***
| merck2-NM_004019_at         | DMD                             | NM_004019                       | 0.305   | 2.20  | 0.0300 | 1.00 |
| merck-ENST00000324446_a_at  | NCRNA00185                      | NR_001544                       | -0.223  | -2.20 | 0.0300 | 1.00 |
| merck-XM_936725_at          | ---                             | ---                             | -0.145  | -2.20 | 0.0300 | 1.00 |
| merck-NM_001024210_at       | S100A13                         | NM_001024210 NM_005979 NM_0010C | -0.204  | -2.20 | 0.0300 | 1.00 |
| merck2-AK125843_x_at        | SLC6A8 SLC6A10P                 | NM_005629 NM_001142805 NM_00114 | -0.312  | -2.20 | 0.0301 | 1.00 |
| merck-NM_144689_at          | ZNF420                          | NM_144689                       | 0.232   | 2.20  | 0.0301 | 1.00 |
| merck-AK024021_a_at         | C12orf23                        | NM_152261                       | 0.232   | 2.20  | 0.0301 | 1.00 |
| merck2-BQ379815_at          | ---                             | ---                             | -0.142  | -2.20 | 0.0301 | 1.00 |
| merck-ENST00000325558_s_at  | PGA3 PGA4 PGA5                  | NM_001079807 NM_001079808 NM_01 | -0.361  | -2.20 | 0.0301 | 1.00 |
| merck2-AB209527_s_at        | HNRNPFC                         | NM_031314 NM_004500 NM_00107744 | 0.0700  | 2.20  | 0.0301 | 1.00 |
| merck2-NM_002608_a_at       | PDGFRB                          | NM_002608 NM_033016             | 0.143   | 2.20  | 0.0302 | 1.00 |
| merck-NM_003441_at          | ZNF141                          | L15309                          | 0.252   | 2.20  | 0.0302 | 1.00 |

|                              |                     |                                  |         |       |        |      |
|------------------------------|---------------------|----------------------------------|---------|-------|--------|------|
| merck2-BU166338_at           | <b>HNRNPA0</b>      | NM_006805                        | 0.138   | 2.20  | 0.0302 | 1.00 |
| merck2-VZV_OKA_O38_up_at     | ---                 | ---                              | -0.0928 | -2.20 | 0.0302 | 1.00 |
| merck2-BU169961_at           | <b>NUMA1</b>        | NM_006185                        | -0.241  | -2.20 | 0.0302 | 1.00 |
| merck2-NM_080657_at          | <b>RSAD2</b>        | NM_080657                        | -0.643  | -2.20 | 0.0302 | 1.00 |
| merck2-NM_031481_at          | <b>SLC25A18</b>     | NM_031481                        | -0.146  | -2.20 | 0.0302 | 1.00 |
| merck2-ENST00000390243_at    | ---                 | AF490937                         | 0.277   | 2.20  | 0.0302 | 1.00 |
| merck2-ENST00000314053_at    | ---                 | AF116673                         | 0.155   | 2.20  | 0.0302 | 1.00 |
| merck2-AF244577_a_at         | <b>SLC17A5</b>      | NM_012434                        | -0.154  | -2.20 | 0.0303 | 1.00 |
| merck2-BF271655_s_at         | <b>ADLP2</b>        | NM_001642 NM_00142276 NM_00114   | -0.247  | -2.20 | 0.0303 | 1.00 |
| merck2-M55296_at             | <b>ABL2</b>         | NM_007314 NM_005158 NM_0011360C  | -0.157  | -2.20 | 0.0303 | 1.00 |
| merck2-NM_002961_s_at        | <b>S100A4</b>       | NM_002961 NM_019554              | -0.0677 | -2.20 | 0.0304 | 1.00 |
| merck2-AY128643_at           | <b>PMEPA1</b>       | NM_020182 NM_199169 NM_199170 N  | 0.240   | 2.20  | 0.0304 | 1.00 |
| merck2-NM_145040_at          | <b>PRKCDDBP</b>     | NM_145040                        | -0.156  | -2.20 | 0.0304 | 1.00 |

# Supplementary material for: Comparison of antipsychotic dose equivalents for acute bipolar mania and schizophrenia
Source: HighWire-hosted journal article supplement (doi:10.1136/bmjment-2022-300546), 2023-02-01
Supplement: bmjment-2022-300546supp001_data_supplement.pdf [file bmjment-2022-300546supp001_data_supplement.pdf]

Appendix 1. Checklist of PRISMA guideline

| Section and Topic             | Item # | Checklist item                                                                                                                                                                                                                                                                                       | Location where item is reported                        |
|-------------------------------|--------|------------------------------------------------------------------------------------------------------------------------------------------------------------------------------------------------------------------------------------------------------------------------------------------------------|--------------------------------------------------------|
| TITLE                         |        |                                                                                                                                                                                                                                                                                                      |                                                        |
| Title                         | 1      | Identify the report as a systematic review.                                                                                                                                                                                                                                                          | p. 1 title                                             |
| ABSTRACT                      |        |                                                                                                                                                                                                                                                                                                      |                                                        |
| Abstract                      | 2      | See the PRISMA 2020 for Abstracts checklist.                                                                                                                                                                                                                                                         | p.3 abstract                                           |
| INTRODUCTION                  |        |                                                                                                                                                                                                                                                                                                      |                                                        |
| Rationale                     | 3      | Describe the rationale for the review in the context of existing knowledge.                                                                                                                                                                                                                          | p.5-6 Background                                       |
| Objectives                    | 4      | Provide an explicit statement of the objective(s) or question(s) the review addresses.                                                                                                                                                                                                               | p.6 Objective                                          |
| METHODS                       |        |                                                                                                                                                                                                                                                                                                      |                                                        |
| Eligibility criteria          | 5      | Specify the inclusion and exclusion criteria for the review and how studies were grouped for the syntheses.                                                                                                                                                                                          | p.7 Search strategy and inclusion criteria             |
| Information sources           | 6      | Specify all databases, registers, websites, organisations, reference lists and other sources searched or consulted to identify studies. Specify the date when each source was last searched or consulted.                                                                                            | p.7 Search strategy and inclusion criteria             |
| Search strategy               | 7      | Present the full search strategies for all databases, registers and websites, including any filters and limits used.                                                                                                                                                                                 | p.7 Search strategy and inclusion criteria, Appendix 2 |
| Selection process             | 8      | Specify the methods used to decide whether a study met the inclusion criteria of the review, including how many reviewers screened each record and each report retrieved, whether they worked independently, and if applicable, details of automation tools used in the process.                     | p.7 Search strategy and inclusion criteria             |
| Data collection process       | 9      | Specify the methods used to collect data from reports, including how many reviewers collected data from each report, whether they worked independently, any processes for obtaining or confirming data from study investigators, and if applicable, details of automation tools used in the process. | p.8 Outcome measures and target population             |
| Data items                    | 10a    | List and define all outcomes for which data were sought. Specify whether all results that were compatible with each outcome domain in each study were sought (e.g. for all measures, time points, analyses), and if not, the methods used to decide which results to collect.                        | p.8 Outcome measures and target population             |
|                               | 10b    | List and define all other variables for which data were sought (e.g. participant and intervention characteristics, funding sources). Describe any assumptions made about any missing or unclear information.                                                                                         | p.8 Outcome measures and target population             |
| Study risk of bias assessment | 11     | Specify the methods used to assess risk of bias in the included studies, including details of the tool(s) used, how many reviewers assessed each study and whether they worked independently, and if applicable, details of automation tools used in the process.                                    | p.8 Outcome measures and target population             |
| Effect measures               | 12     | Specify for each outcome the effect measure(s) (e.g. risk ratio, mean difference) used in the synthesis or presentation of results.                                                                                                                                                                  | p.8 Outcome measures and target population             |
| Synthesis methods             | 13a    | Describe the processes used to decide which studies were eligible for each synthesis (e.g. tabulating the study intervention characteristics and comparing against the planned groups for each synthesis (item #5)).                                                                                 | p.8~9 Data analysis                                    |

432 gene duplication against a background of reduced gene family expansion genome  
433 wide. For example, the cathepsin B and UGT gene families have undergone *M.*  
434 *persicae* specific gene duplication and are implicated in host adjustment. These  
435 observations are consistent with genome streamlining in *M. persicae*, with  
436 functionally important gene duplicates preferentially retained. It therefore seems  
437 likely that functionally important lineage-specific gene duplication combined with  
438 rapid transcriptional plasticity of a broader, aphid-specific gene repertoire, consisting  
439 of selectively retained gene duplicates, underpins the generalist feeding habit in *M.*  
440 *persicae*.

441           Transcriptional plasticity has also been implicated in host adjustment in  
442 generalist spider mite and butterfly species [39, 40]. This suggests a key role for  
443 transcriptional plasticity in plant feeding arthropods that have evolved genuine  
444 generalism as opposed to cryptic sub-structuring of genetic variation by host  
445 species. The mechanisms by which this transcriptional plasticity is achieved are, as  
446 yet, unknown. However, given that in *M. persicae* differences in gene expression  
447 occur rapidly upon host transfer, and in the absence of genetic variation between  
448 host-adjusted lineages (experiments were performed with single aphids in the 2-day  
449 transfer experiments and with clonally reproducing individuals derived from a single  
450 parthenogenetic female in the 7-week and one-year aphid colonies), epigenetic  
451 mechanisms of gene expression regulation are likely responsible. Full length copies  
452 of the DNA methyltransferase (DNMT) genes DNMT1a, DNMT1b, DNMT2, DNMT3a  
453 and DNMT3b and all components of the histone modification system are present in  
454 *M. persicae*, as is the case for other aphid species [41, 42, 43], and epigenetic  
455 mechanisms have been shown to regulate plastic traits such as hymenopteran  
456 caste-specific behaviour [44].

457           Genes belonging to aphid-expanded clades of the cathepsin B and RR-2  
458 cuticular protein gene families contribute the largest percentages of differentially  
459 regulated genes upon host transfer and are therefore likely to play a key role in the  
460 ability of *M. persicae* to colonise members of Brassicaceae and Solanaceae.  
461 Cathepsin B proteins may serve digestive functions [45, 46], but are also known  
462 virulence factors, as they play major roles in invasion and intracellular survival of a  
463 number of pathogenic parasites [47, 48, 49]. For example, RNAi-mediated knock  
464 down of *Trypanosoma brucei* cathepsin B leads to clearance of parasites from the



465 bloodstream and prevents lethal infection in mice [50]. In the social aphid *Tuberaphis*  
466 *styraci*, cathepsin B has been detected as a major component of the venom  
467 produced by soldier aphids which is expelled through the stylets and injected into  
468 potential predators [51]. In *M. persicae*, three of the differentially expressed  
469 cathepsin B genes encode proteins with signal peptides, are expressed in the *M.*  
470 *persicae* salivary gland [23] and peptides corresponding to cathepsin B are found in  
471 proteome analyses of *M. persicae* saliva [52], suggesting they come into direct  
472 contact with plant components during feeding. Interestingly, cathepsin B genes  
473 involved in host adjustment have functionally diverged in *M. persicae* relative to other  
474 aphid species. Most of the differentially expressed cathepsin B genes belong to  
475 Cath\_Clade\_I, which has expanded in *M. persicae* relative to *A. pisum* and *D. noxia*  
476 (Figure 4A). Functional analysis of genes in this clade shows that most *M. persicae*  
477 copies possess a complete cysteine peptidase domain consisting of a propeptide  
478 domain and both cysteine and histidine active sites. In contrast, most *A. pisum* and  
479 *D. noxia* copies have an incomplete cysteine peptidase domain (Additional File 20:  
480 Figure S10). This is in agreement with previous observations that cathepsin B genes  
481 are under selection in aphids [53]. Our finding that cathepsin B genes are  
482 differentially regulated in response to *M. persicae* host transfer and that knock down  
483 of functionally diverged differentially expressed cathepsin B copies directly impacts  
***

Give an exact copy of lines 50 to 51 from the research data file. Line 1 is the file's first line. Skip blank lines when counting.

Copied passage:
| Effect measures               | 12     | Specify for each outcome the effect measure(s) (e.g. risk ratio, mean difference) used in the synthesis or presentation of results.                                                                                                                                                                  | p.8 Outcome measures and target population             |
| Synthesis methods             | 13a    | Describe the processes used to decide which studies were eligible for each synthesis (e.g. tabulating the study intervention characteristics and comparing against the planned groups for each synthesis (item #5)).                                                                                 | p.8~9 Data analysis                                    |